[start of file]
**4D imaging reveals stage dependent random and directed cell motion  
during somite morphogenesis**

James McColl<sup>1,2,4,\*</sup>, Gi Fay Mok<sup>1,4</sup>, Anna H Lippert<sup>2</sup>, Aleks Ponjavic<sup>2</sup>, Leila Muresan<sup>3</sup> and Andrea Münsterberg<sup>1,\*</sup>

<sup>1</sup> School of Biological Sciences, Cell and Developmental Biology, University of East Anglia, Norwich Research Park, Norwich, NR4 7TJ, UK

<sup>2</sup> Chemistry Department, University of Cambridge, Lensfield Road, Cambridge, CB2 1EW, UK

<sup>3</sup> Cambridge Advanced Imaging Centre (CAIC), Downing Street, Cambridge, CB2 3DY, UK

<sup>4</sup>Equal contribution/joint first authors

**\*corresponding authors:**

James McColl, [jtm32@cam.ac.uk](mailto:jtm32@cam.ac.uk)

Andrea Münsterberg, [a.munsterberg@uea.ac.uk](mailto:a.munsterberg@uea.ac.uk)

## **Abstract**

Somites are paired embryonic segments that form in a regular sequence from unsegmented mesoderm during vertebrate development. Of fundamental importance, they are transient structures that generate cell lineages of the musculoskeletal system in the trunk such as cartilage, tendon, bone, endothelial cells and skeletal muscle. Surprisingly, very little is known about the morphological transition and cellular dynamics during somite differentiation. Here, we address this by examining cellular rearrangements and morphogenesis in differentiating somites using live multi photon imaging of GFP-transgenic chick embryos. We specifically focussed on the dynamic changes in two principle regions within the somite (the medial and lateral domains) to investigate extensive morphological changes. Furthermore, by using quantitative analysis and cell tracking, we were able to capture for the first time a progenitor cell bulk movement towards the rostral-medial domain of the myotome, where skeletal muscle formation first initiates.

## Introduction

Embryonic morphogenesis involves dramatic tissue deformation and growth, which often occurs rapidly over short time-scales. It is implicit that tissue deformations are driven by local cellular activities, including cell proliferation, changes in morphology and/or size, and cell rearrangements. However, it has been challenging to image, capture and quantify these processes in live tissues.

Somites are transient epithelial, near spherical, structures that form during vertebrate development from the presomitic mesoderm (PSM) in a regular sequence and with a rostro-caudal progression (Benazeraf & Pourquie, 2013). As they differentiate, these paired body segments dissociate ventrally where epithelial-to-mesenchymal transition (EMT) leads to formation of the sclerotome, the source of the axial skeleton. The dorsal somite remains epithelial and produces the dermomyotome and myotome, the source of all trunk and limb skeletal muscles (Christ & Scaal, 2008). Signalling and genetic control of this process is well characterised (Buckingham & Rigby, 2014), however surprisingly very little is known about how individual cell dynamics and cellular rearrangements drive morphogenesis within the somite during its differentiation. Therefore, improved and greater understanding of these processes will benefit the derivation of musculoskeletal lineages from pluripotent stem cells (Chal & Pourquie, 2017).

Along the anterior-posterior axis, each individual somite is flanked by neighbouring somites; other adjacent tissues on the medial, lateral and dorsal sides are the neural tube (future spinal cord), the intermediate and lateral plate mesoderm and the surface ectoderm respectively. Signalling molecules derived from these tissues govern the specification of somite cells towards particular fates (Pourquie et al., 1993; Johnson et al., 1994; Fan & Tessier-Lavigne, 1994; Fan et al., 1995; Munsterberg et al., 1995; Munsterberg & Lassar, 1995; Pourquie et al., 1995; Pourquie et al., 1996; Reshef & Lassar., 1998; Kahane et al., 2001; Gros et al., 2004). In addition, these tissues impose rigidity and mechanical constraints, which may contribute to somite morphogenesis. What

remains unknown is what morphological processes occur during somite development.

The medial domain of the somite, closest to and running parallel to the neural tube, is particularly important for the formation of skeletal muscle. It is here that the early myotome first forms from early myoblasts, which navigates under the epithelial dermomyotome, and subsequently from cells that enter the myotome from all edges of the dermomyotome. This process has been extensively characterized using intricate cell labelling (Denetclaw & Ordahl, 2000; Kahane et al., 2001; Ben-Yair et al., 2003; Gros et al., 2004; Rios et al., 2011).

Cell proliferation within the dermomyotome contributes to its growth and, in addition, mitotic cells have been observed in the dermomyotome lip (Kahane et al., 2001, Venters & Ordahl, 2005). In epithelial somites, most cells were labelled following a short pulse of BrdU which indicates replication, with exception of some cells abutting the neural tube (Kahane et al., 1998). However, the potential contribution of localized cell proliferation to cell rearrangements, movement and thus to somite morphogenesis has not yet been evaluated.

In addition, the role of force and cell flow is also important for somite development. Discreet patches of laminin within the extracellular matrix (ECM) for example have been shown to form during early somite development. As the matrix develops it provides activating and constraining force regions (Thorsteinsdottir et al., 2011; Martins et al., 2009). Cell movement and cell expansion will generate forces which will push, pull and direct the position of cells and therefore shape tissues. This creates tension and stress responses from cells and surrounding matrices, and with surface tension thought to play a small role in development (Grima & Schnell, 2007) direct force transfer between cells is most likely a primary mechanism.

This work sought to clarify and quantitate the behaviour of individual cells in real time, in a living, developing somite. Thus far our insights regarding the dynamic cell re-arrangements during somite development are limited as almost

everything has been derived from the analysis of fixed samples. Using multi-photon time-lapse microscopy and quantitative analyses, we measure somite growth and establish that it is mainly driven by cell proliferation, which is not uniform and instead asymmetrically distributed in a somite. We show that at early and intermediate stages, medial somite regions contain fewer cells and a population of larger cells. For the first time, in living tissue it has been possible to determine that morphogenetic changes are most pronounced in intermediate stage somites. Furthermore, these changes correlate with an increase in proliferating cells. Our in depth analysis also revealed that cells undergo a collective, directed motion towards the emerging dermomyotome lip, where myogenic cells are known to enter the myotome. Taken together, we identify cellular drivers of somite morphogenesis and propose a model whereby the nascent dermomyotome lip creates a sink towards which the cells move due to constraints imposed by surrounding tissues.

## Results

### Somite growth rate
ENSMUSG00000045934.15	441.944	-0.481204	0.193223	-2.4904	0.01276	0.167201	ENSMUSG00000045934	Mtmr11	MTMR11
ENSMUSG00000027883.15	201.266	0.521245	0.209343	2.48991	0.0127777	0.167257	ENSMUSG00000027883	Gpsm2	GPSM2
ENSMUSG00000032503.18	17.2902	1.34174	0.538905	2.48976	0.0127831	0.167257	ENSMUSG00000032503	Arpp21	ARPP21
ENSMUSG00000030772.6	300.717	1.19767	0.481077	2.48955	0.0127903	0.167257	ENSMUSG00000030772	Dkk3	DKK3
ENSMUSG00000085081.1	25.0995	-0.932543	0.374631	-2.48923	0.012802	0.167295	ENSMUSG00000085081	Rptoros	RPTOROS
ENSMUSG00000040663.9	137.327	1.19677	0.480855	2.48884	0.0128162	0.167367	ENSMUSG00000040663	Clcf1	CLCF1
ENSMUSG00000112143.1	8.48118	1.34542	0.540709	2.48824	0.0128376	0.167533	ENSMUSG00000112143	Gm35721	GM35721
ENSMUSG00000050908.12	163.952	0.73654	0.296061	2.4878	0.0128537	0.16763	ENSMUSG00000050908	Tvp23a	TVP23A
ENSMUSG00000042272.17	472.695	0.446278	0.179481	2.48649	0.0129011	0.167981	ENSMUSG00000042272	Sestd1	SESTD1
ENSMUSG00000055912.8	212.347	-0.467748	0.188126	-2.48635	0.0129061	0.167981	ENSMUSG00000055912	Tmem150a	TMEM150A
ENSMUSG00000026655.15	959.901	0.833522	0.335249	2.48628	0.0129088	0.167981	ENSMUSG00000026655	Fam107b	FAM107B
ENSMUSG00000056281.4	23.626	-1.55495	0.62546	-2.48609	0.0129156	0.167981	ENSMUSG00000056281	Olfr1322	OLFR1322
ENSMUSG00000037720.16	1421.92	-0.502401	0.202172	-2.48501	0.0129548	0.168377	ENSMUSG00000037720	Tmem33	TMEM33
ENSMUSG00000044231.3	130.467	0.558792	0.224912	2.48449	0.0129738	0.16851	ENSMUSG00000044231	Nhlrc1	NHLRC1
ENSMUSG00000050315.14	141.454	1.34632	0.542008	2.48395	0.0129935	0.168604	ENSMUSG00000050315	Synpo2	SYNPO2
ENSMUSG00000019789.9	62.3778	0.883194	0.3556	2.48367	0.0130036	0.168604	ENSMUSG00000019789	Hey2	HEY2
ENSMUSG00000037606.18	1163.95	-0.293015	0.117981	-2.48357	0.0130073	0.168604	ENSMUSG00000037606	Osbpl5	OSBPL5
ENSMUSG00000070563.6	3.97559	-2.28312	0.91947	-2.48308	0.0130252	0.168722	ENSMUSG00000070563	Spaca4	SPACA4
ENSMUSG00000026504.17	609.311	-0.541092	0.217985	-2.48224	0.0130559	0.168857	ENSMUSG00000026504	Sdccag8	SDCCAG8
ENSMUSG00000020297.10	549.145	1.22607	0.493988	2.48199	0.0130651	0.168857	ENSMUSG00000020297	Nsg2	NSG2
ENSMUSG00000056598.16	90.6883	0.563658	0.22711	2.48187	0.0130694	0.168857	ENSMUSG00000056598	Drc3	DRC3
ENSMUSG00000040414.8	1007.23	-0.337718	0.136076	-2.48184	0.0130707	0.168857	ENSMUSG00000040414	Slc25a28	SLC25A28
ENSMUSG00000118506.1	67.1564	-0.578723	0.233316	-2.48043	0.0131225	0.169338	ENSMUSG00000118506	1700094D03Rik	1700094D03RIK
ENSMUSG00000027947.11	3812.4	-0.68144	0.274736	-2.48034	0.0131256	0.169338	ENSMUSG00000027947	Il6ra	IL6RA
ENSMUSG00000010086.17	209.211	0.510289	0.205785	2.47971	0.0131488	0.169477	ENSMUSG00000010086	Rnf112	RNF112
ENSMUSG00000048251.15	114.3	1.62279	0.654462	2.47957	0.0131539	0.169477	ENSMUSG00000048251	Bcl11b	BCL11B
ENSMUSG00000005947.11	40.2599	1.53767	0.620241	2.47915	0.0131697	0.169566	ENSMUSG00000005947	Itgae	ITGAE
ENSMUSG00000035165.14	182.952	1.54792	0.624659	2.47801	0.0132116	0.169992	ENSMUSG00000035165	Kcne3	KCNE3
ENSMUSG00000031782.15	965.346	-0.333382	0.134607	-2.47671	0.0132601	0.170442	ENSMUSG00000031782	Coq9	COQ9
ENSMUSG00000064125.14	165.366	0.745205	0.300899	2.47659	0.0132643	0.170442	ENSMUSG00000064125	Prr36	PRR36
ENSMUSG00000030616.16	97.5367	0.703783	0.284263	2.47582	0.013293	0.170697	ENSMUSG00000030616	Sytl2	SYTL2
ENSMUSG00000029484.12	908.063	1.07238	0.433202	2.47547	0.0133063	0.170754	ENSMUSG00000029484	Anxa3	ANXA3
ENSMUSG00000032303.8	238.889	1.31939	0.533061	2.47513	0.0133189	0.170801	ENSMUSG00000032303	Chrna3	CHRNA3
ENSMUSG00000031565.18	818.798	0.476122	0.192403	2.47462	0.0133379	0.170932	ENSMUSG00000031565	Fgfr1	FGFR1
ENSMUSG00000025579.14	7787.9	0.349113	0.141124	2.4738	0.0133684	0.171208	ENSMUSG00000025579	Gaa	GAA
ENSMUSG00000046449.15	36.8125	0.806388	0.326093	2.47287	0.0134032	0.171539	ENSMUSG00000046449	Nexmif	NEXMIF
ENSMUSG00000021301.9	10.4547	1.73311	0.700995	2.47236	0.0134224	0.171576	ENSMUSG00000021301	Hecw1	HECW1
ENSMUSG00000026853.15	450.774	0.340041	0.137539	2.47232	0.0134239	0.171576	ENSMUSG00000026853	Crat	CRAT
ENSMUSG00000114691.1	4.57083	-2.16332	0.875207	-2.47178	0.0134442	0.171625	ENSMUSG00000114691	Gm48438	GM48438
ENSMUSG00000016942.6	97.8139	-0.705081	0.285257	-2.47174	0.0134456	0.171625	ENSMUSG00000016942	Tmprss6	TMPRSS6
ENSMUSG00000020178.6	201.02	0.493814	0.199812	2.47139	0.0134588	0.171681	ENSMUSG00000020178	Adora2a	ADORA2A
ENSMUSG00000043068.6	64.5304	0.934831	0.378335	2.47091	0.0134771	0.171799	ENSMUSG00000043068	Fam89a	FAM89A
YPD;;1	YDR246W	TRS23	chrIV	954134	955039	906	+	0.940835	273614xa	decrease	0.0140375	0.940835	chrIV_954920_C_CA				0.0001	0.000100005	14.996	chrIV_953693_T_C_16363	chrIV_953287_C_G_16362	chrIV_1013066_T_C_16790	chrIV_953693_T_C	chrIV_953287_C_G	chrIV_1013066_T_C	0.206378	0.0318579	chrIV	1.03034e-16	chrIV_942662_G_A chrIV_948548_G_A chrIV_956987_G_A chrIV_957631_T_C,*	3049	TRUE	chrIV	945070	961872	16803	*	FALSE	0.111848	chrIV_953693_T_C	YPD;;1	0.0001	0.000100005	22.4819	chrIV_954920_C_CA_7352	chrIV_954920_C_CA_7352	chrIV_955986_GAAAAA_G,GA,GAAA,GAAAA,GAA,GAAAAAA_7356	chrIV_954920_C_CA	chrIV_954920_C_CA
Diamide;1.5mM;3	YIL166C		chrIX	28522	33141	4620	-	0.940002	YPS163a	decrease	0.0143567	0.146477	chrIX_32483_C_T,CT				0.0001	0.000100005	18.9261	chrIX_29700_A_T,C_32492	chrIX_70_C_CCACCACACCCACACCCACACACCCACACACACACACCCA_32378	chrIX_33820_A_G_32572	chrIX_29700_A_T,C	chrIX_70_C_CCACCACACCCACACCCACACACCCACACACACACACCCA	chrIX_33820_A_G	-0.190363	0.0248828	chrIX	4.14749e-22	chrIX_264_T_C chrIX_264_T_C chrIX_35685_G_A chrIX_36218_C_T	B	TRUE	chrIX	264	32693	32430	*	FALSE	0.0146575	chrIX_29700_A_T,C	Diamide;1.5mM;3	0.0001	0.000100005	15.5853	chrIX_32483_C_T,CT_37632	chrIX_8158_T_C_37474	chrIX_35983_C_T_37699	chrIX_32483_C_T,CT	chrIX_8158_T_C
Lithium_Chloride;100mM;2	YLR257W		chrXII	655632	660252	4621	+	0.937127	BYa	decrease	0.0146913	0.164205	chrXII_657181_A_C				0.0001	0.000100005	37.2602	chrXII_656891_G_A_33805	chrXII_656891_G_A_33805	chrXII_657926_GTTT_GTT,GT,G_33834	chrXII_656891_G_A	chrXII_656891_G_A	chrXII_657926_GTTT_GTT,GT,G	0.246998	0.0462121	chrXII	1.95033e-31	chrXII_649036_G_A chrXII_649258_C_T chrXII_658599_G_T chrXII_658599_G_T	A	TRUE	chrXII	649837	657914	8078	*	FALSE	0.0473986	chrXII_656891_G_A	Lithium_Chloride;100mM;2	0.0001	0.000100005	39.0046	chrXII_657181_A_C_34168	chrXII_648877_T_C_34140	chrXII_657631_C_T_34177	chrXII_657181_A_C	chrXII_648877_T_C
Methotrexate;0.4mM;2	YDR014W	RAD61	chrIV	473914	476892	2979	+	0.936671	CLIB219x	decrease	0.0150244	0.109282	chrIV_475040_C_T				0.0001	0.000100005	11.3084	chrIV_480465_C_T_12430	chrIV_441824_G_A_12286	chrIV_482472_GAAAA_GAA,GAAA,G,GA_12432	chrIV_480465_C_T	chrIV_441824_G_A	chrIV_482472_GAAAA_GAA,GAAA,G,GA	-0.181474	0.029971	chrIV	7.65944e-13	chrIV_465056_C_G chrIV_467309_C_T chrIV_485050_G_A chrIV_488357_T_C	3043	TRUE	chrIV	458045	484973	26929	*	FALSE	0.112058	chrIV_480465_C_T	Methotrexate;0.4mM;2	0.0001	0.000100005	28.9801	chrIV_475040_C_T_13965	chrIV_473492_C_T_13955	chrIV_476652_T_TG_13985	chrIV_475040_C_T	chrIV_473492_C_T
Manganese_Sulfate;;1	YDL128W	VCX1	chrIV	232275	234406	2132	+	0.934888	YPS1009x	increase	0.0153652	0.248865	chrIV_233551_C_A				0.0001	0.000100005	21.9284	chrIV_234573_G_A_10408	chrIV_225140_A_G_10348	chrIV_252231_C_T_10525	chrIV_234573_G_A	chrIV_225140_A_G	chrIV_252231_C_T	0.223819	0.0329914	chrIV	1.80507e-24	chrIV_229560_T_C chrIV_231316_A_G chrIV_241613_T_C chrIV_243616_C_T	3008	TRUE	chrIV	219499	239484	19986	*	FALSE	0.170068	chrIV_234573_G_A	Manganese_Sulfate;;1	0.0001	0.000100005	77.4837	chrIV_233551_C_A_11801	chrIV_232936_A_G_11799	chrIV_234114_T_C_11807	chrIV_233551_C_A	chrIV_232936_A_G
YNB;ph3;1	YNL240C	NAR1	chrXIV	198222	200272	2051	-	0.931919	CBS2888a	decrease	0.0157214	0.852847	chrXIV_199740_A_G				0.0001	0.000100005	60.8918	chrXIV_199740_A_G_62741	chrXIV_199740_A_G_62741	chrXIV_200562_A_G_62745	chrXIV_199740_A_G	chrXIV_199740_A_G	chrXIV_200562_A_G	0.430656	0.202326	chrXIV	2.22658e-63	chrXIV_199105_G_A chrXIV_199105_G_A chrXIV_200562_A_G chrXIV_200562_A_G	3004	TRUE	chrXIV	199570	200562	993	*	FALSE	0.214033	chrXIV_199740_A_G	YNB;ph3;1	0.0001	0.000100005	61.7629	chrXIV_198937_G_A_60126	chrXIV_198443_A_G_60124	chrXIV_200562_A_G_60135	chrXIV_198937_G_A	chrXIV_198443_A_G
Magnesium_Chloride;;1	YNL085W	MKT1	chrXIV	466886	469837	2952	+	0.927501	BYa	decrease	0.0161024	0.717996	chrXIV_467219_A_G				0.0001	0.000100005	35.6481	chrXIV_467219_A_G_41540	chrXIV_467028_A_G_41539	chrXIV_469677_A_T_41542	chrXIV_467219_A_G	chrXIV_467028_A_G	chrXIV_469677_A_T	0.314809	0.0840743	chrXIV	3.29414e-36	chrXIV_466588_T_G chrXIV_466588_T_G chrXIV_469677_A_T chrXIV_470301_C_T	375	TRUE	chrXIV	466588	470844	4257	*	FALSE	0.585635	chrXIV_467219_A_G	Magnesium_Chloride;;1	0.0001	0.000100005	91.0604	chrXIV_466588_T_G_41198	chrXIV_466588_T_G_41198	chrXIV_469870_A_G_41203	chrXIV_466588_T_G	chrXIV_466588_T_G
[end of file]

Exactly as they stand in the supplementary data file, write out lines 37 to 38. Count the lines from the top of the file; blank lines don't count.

ENSMUSG00000037720.16	1421.92	-0.502401	0.202172	-2.48501	0.0129548	0.168377	ENSMUSG00000037720	Tmem33	TMEM33
ENSMUSG00000044231.3	130.467	0.558792	0.224912	2.48449	0.0129738	0.16851	ENSMUSG00000044231	Nhlrc1	NHLRC1